Pearson had undergone a heart-valve replacement many years before. Those valves can last up to 20 years, depending on the patient’s condition. But, Pu said, Pearson may have delayed necessary care by waiting too long between follow-ups with her cardiologist, given the medical history.
In the mid-1960s, Bridget Winifred O’Dowd left Ireland alone for the U.S. Many of her friends were getting married, but she decided she wasn’t ready for all that — even though she was engaged herself. At 21 she broke it off and was determined to travel for one year, even though her pockets were nearly empty.
“I picked the furthest place on the map, which was America,” she said, and ended up in McLean, Virginia, working as an au pair.
Pearson has lived in the U.S. ever since. She eventually married, and became a mother to two sons whom she raised with her husband until his death.
Grateful to be alive
Open-heart surgery, cracking open a patient’s chest to operate on the heart, is far more taxing on a patient’s recovery than TAVR. And before TAVR, elderly patients who would not survive open-heart faced a shorter life span and lower quality of life as well.
Pu performed what’s known as the transfemoral approach, which requires only a small incision to insert the new heart valve through the femoral artery, located in the groin. From there the valve is snaked up through the body to the heart.
“The procedure requires a lot of planning beforehand, in terms of looking at the patient’s CT scans and measuring their valve sizes,” Pu said.
Preparation often takes weeks. But the TAVR itself usually lasts an hour or two, and patients go home the next day. And in Pearson’s case, everything came together as Pu’s team successfully completed the procedure on a Sunday.
“I am so grateful to Dr. Pu and the people who took care of me; they are absolutely top-notch,” Pearson said. “It’s a great relief to have faith in your doctor and know that you’re going to be alright.”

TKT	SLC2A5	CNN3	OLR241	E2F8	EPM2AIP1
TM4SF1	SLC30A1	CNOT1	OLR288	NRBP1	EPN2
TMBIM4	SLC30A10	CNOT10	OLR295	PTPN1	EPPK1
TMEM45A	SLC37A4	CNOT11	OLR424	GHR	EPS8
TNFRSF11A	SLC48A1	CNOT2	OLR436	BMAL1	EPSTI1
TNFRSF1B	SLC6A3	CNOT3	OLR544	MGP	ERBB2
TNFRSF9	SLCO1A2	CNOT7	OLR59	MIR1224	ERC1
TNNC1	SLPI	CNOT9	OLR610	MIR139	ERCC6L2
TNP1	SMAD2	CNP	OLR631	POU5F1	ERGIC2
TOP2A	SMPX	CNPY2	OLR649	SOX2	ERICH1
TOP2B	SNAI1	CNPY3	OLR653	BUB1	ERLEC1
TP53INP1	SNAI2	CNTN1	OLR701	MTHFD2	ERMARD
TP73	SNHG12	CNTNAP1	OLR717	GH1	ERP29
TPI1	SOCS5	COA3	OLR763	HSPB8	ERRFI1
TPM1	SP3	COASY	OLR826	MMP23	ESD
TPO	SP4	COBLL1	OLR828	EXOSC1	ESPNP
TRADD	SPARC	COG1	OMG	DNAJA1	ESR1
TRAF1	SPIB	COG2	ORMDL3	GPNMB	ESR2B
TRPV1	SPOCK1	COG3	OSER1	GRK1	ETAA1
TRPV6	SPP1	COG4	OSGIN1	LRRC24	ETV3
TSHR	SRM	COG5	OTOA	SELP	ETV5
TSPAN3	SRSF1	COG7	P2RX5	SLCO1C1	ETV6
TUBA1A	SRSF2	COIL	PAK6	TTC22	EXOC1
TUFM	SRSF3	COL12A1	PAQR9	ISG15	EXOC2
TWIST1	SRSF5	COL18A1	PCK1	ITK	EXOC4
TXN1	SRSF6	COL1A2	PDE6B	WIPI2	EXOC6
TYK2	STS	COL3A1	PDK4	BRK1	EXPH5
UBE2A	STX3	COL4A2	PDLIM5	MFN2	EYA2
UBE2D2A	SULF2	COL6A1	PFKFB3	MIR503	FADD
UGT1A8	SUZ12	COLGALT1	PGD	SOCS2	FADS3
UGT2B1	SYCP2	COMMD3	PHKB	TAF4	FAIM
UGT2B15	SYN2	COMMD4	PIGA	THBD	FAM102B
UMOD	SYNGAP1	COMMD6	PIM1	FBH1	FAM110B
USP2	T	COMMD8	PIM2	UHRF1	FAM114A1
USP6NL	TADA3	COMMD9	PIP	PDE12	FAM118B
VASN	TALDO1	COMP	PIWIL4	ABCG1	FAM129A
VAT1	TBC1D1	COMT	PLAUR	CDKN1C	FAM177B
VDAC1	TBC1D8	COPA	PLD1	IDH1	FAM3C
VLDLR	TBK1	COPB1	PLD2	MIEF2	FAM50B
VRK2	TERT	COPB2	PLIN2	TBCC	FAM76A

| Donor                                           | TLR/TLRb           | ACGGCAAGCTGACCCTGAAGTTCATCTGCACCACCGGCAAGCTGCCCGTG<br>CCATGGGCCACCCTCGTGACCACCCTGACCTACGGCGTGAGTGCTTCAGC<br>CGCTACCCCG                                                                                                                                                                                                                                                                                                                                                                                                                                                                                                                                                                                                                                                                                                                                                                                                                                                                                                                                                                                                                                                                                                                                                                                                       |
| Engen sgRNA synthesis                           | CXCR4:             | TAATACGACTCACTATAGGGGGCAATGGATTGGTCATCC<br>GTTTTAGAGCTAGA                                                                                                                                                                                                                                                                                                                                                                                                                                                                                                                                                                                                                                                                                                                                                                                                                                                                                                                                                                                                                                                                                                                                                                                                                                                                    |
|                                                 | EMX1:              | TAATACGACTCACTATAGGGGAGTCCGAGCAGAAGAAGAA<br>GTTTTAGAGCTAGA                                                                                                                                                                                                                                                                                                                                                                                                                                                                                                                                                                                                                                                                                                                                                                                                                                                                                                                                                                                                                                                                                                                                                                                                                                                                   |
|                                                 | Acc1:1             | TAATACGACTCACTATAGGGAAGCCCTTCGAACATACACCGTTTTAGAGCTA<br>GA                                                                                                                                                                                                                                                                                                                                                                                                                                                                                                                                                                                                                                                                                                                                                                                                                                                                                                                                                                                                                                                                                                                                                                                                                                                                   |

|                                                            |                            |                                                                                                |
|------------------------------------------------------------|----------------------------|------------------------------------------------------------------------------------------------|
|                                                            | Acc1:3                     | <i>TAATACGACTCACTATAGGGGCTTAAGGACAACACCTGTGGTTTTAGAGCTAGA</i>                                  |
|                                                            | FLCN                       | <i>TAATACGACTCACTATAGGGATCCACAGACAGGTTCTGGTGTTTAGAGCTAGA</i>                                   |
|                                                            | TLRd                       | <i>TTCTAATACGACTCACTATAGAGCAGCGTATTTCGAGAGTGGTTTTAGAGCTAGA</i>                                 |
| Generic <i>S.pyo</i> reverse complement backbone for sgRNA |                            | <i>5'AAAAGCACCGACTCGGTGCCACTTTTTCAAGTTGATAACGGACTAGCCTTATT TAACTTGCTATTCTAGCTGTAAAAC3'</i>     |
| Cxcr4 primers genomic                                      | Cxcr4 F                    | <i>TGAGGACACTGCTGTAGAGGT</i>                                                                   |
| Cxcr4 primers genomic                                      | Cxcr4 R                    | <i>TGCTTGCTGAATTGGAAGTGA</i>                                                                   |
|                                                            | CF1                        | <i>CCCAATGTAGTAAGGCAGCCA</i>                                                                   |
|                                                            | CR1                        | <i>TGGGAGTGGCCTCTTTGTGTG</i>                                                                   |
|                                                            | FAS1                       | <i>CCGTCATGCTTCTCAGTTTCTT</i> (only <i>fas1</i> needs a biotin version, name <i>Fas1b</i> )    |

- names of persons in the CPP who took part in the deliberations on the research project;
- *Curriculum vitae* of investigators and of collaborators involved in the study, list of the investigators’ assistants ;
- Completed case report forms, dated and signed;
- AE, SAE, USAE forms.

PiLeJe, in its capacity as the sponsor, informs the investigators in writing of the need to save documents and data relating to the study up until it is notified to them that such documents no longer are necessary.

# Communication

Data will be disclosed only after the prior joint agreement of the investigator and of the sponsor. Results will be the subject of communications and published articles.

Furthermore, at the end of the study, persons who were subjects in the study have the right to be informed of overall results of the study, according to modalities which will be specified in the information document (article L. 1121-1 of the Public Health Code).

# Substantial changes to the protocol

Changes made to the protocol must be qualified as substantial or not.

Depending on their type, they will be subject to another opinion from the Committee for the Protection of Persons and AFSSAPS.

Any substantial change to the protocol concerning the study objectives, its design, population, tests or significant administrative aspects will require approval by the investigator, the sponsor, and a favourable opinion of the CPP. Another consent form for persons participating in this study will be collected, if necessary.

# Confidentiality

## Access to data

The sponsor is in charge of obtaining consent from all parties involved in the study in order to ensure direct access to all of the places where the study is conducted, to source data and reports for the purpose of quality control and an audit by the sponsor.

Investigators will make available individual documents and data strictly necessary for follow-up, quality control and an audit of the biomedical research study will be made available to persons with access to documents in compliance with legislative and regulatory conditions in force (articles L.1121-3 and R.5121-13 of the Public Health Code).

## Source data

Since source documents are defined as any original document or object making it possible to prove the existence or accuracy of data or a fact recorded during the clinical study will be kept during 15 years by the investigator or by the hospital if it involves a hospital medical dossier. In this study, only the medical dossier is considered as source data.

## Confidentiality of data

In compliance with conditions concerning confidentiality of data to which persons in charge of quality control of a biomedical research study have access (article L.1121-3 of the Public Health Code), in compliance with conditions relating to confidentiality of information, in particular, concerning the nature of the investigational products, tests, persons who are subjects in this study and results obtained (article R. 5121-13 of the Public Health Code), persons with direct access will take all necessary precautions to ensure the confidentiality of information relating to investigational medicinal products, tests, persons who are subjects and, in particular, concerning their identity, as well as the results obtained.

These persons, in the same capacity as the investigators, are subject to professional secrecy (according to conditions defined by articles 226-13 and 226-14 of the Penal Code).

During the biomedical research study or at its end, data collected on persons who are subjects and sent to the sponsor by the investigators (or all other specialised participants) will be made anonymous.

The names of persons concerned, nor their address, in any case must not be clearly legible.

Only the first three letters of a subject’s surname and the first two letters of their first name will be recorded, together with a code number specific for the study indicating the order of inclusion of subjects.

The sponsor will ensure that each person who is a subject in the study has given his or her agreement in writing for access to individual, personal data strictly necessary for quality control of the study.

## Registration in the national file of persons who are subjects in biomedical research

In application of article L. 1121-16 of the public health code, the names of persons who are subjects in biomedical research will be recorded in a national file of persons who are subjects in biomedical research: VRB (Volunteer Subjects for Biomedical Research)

Recovery has meant regular appointments with her doctors, and a gradual return to the physically active things Pearson loves most: exercising at the gym and tending to her rose garden.
“My friends and my sons say I’m a miracle,” she said. “I’m looking forward to getting back in my garden — and not losing my breath.”
Daniel Pu joined Novant Health in 2020. The Ohio State University College of Medicine graduate treats cardiovascular disease and practices interventional cardiology, a field that has fascinated Pu for much of his life.
“My dad is a cardiologist, so I had a lot of exposure to the heart,” Pu said.
Pu completed his residency in internal medicine at New York Presbyterian/Weill Cornell Medical Center in 2015.
At Novant Health Presbyterian Medical Center, Pu estimates that he and Dr. Oluseun Alli performed more than 200 TAVR procedures last year. Most patients are good candidates, Pu said, face a much better outcome, given the risks with open-heart surgery for people in their condition.
“I really enjoy working with my hands and with leading-edge procedures that can help patients without them having to go through a big surgery,” Pu said.